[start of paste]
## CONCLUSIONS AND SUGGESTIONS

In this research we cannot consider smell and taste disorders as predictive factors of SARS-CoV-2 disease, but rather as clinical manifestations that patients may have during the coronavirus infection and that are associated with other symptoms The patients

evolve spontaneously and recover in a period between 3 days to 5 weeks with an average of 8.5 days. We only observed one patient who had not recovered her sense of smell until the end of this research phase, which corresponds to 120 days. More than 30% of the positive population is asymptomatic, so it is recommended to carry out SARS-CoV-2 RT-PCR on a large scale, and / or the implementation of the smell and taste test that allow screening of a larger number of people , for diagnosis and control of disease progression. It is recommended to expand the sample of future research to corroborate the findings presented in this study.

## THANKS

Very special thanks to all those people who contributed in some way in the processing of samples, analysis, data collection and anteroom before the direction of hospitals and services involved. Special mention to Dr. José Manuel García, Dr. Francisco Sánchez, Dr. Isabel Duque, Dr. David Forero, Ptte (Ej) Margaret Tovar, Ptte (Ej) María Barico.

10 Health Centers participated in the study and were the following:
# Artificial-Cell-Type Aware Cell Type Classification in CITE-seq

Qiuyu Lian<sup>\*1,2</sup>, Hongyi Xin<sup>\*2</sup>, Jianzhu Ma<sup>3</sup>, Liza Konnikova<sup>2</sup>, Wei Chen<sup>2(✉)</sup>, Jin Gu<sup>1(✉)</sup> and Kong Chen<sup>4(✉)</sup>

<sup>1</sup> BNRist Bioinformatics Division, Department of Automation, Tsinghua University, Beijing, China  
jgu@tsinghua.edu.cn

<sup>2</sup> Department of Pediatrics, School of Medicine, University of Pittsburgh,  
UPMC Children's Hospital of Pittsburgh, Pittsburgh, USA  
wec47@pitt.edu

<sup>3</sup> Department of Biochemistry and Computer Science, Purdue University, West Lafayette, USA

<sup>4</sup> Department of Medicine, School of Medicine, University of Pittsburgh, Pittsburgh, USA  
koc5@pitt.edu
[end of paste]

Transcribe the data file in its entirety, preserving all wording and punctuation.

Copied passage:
## CONCLUSIONS AND SUGGESTIONS

In this research we cannot consider smell and taste disorders as predictive factors of SARS-CoV-2 disease, but rather as clinical manifestations that patients may have during the coronavirus infection and that are associated with other symptoms The patients

evolve spontaneously and recover in a period between 3 days to 5 weeks with an average of 8.5 days. We only observed one patient who had not recovered her sense of smell until the end of this research phase, which corresponds to 120 days. More than 30% of the positive population is asymptomatic, so it is recommended to carry out SARS-CoV-2 RT-PCR on a large scale, and / or the implementation of the smell and taste test that allow screening of a larger number of people , for diagnosis and control of disease progression. It is recommended to expand the sample of future research to corroborate the findings presented in this study.

## THANKS

Very special thanks to all those people who contributed in some way in the processing of samples, analysis, data collection and anteroom before the direction of hospitals and services involved. Special mention to Dr. José Manuel García, Dr. Francisco Sánchez, Dr. Isabel Duque, Dr. David Forero, Ptte (Ej) Margaret Tovar, Ptte (Ej) María Barico.

10 Health Centers participated in the study and were the following:
# Artificial-Cell-Type Aware Cell Type Classification in CITE-seq

Qiuyu Lian<sup>\*1,2</sup>, Hongyi Xin<sup>\*2</sup>, Jianzhu Ma<sup>3</sup>, Liza Konnikova<sup>2</sup>, Wei Chen<sup>2(✉)</sup>, Jin Gu<sup>1(✉)</sup> and Kong Chen<sup>4(✉)</sup>

<sup>1</sup> BNRist Bioinformatics Division, Department of Automation, Tsinghua University, Beijing, China  
jgu@tsinghua.edu.cn

<sup>2</sup> Department of Pediatrics, School of Medicine, University of Pittsburgh,  
UPMC Children's Hospital of Pittsburgh, Pittsburgh, USA  
wec47@pitt.edu

<sup>3</sup> Department of Biochemistry and Computer Science, Purdue University, West Lafayette, USA

<sup>4</sup> Department of Medicine, School of Medicine, University of Pittsburgh, Pittsburgh, USA  
koc5@pitt.edu